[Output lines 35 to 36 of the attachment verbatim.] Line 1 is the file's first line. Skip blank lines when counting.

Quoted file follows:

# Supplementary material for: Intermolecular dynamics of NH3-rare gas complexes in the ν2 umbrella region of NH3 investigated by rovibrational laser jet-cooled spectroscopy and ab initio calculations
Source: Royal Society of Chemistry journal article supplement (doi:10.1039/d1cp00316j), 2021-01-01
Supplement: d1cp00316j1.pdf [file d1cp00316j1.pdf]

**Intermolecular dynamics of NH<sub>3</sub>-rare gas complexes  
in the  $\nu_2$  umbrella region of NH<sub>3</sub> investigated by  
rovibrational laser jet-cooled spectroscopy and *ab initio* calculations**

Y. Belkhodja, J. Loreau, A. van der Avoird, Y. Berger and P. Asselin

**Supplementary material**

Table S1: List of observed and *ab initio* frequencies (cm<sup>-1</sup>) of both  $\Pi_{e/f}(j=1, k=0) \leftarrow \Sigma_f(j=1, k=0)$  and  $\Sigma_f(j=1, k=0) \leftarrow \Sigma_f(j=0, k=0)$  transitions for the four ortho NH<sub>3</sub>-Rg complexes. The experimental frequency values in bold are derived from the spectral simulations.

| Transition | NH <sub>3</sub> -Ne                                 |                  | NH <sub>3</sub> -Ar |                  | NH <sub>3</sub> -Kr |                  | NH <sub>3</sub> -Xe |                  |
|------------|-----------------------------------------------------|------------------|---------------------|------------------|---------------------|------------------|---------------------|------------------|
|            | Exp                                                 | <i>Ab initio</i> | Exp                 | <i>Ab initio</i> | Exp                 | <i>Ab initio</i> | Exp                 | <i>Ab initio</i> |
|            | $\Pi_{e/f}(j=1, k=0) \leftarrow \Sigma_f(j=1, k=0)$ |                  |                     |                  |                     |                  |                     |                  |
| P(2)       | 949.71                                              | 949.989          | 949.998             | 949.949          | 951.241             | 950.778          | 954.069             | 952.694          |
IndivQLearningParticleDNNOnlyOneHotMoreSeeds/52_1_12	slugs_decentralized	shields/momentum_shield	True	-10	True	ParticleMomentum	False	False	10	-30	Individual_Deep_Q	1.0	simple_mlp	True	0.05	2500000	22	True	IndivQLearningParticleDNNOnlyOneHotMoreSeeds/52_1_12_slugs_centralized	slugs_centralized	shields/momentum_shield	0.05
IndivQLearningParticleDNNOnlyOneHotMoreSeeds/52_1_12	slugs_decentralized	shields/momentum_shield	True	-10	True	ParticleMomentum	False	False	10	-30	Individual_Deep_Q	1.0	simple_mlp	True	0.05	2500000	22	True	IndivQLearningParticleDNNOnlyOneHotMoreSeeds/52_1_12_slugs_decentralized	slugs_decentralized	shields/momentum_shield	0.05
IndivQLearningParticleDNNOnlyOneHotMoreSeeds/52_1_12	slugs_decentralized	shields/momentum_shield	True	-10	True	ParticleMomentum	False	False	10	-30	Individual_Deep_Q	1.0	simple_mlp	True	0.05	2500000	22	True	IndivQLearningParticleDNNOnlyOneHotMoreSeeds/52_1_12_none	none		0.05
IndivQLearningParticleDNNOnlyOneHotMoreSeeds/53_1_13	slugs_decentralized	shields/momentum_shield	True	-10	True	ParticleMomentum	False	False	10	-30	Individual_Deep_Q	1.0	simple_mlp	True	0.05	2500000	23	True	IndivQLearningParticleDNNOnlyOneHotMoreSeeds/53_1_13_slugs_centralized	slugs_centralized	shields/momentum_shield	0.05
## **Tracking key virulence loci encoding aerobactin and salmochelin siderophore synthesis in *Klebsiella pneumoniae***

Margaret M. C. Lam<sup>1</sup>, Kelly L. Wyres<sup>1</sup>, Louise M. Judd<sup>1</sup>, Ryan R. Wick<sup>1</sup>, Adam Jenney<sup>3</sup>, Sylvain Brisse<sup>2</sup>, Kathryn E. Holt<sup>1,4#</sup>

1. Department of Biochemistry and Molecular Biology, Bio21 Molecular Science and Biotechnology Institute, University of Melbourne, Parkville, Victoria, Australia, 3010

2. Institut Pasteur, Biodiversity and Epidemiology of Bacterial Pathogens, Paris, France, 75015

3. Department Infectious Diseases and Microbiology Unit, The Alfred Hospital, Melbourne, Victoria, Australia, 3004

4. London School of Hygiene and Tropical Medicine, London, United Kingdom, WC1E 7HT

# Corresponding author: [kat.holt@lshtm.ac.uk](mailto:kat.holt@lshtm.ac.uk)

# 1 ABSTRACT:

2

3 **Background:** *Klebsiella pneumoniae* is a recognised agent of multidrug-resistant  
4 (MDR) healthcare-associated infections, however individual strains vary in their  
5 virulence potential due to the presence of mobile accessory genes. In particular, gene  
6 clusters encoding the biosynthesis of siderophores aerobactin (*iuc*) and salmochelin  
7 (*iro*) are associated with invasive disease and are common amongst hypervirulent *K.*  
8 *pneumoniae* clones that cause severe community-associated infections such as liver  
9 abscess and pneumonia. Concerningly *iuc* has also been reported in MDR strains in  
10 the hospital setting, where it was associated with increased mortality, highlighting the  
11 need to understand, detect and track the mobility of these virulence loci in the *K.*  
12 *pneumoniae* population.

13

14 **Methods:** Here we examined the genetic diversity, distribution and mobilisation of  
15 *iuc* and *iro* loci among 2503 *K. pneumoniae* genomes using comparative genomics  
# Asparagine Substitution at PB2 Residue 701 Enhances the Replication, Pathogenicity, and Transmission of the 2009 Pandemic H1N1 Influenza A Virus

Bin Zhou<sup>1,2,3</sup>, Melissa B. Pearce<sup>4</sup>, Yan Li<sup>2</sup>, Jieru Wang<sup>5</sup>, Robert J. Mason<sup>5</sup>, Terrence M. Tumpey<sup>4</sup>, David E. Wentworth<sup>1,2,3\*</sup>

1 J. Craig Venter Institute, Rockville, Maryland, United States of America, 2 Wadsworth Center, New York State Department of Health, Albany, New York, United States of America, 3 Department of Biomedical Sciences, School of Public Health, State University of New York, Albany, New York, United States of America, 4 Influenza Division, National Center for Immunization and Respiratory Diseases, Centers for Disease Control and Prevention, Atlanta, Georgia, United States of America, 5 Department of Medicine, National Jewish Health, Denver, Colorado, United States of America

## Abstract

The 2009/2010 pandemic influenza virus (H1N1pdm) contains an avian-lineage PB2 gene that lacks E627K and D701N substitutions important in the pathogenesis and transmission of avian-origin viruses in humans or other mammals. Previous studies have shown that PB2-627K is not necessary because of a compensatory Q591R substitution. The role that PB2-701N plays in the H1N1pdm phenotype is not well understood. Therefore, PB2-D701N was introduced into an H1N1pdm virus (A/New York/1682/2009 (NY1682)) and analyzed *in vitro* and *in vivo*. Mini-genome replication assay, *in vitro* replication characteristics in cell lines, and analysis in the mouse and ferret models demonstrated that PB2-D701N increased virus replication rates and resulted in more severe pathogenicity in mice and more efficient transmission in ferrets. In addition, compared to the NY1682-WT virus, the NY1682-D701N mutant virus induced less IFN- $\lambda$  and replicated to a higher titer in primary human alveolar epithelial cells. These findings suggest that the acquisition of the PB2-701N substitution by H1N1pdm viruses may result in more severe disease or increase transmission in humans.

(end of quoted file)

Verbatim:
10 the hospital setting, where it was associated with increased mortality, highlighting the  
11 need to understand, detect and track the mobility of these virulence loci in the *K.*  